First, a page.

The federal tax deadline was pushed back to July 15 to accommodate the challenges taxpayers face amidst the pandemic. Early filers likely did their taxes before the announcement, but there are still many who will wait until the last possible moment to do it. One wrinkle experienced by some is that they are getting divorced or recently finalized their decree.
This means significant changes in how some file taxes this year and in the near future. A tax professional should handle specific tax advice, but there are some general questions that can be addressed. These include:
Should the marital status change?
The IRS still regards the couple as married if the divorce was not finalized in 2019. Those who did finalize their divorce at any time last year should either file as head of a household, if applicable, or as a single person.
Should we use a joint return if it is not finalized?
The standard deduction is $12,200 per spouse, so it may make sense to put $24,400 towards one spouse if their tax obligation is higher because they earn a much higher wage than the other spouse.
Who should claim the children?
Either parent can claim the kids as dependents, or the parents can divvy them up (the parents could divvy four kids up, so each claims two). Regardless of the arrangement, the parents should honor it to avoid both claiming the same children.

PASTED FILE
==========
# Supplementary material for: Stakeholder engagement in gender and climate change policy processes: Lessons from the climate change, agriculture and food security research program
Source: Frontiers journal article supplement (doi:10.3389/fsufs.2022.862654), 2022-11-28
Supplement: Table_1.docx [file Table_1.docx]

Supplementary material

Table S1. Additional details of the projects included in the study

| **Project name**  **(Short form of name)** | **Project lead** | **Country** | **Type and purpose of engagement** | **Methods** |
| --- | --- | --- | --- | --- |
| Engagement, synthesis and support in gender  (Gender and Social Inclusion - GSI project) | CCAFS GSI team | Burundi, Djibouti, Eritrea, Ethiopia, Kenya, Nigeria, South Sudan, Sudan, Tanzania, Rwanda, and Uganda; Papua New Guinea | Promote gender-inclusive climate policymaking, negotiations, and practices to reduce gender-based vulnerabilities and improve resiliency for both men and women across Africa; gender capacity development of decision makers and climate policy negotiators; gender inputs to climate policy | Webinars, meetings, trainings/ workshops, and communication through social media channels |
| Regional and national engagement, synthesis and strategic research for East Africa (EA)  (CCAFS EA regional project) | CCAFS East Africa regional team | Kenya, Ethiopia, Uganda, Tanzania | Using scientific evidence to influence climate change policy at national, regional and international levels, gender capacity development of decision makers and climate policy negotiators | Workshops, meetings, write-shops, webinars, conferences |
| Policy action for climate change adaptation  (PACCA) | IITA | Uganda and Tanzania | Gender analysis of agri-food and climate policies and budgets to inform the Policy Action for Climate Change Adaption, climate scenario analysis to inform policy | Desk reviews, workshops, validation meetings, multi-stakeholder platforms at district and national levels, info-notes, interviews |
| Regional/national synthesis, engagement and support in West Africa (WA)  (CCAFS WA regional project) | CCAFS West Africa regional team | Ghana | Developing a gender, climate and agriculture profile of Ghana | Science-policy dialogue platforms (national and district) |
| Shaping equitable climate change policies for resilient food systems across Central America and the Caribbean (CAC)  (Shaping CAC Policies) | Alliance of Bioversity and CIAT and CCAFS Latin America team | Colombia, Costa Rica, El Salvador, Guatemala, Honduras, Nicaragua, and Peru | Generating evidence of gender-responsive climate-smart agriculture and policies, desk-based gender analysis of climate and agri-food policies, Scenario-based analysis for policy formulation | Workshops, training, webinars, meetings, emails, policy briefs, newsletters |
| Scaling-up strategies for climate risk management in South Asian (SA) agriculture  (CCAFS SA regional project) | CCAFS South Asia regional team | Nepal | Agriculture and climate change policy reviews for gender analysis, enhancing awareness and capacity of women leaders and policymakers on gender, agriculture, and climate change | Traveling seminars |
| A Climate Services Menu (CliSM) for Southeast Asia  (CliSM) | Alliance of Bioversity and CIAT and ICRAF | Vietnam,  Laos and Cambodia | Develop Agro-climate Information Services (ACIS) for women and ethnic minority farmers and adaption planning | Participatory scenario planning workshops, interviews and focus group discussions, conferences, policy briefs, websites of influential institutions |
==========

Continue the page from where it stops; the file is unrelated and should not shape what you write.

What about deducting support?
The 2018 Tax Cut and Jobs Act eliminated this deduction for child support or spousal maintenance.
Can we modify our divorce decree to fit the new tax law?
It can make sense for ex-spouses to modify their decree if the new law reduces their tax burden.
Tax issues often addressed during negotiations
There is a long list of financial details that need addressing when couples divorce, including who will claim the children. Along with the services of an experienced family law attorney, divorces with complicated finances will often also require an experienced tax attorney or accountant to help work out the details of dividing assets fairly and equitably.